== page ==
"And the stars are projectors, yeah, projecting our lives down to this planet Earth." - Modest Mouse
From the Beeb:
The so-called transit of Venus began at about 0620 BST (0520 GMT) with the planet's tiny black disc edging over the bright limb of our star.
The phenomenon continued for about six hours, ending around 1224 BST.
The transits have had huge significance in the past, as they were used by scientists to work out the Sun-Earth distance - and hence to get a proper scale for the Solar System.
Today their value is more in their uniqueness. "It's an extremely rare astronomical event," said Gordon Bromage, a professor of astronomy at UCLAN.
The planet itself is soon to come under close scrutiny from Europe's Venus Express probe. The spacecraft, due to be launched next year, will study the planet's thick atmosphere and look for any volcanic activity that might still persist today.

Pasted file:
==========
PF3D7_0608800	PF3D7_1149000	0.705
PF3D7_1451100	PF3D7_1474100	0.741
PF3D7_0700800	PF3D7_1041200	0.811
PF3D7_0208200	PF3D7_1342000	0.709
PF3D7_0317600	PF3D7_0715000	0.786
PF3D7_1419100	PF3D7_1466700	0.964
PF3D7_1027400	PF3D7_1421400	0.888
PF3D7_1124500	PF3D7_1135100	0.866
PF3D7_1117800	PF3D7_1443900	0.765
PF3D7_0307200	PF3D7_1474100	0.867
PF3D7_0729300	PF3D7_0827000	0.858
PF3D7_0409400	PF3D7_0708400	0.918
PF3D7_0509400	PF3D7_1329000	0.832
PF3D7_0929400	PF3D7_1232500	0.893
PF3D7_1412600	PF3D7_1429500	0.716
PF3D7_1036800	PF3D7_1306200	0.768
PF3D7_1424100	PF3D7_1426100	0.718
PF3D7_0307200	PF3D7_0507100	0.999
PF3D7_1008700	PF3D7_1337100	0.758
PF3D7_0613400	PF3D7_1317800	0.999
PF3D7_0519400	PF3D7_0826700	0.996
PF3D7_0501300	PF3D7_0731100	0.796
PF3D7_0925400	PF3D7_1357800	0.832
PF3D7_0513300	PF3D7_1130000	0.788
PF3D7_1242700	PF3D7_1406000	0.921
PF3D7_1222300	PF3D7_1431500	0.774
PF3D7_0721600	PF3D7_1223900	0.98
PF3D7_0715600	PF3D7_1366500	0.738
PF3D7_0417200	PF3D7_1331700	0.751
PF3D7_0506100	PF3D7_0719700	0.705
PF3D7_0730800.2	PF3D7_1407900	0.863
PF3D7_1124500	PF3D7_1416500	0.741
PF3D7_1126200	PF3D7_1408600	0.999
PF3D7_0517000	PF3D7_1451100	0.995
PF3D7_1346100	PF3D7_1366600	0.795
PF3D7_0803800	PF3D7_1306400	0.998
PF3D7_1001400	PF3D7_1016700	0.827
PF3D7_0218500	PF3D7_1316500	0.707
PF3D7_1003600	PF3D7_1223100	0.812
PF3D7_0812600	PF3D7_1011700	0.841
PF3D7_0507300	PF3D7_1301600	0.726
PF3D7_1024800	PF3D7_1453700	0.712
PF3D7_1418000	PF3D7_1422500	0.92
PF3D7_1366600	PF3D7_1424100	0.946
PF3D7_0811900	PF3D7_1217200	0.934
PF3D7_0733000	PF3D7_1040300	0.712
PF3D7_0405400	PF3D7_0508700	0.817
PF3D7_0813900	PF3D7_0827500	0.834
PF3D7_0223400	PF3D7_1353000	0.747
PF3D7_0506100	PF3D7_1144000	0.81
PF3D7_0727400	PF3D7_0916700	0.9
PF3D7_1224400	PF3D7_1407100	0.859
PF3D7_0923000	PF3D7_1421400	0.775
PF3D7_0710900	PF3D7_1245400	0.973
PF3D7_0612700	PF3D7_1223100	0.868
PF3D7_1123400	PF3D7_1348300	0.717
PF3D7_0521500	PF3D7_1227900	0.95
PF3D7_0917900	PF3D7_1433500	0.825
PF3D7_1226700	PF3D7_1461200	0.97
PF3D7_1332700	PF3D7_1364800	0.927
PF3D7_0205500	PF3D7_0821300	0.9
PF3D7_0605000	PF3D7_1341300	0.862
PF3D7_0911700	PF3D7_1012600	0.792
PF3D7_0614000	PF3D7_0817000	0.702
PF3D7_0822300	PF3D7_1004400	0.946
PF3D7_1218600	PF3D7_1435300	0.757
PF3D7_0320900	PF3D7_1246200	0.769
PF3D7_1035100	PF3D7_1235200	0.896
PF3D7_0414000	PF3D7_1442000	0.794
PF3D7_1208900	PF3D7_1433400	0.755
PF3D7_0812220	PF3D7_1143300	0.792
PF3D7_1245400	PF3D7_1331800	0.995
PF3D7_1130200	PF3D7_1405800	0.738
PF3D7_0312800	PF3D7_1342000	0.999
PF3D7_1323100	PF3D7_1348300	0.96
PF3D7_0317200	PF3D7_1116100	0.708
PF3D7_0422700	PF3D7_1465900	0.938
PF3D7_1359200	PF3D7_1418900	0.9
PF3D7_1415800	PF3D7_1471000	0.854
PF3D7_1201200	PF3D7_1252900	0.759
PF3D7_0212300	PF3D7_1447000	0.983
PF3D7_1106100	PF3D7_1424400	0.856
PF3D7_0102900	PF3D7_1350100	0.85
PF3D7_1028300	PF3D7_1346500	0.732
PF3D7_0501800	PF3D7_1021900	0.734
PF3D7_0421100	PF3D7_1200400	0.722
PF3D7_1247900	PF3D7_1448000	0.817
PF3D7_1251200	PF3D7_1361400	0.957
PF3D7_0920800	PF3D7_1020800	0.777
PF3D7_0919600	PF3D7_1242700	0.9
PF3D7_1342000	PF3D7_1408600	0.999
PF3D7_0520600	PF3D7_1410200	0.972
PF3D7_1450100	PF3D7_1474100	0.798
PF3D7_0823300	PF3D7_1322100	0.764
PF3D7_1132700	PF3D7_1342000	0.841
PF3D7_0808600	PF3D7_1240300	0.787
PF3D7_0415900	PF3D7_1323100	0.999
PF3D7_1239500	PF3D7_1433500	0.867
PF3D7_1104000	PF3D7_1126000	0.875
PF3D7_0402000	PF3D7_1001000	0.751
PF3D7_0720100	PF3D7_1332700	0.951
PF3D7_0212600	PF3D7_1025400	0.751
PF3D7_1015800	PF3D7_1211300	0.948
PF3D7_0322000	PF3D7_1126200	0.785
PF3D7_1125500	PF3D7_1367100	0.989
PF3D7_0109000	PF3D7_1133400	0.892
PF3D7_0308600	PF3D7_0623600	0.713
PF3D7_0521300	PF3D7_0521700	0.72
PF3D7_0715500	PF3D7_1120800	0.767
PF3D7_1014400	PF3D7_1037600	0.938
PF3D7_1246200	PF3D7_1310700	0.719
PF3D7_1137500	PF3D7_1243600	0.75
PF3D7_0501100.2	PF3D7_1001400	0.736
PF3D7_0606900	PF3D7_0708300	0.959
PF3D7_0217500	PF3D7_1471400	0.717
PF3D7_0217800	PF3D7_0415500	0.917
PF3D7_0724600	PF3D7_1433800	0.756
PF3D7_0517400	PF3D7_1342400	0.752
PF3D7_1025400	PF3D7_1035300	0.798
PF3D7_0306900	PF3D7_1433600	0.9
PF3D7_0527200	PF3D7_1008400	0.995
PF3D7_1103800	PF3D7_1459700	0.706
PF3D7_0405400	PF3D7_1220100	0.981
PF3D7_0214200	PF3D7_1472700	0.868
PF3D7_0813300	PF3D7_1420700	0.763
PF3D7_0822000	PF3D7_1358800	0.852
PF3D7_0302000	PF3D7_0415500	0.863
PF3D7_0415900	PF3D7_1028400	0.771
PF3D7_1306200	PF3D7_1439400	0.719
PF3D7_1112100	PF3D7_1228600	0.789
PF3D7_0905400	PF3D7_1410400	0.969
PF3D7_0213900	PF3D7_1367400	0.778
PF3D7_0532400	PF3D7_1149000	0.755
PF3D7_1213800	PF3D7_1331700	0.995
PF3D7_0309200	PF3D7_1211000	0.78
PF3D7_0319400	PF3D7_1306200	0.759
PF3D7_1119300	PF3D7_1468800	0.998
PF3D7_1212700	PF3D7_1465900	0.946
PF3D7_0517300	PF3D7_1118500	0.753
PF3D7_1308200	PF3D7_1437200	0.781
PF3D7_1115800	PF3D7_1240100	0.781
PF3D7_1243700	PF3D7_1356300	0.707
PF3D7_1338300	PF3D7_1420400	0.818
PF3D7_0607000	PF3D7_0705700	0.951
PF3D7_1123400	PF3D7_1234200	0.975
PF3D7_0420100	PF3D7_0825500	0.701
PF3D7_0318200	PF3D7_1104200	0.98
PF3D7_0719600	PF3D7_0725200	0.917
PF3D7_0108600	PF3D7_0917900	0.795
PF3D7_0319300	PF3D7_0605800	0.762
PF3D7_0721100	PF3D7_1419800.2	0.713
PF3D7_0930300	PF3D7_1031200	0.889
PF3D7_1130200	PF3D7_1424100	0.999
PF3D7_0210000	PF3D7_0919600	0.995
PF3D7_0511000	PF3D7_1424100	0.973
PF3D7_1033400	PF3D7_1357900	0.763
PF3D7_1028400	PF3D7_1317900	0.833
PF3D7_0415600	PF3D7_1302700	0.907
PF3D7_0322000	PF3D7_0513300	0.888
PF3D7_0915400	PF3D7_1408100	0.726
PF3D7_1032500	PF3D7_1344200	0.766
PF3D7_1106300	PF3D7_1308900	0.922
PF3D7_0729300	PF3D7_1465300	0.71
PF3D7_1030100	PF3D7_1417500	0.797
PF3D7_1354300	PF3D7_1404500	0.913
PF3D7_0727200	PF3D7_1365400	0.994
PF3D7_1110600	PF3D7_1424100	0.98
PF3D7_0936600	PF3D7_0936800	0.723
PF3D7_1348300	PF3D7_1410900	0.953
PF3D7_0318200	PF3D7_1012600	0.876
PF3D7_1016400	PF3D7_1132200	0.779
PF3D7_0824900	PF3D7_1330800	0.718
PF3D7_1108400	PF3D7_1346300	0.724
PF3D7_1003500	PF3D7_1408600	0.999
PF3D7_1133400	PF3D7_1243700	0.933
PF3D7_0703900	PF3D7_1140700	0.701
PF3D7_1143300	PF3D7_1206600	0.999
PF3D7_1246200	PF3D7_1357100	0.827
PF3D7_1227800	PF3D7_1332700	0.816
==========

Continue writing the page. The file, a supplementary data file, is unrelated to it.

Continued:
It is an extraordinary world. Its thick, yellowish clouds contain sulphuric acid. The atmospheric pressure at the surface is equivalent to that at a depth of 900m in the Earth's oceans.
"In a lot of ways, Venus can be considered as Earth's hellish twin because it has evolved in a quite different way to Earth," said Dr Andrew Coates, a mission scientist on Venus Express.
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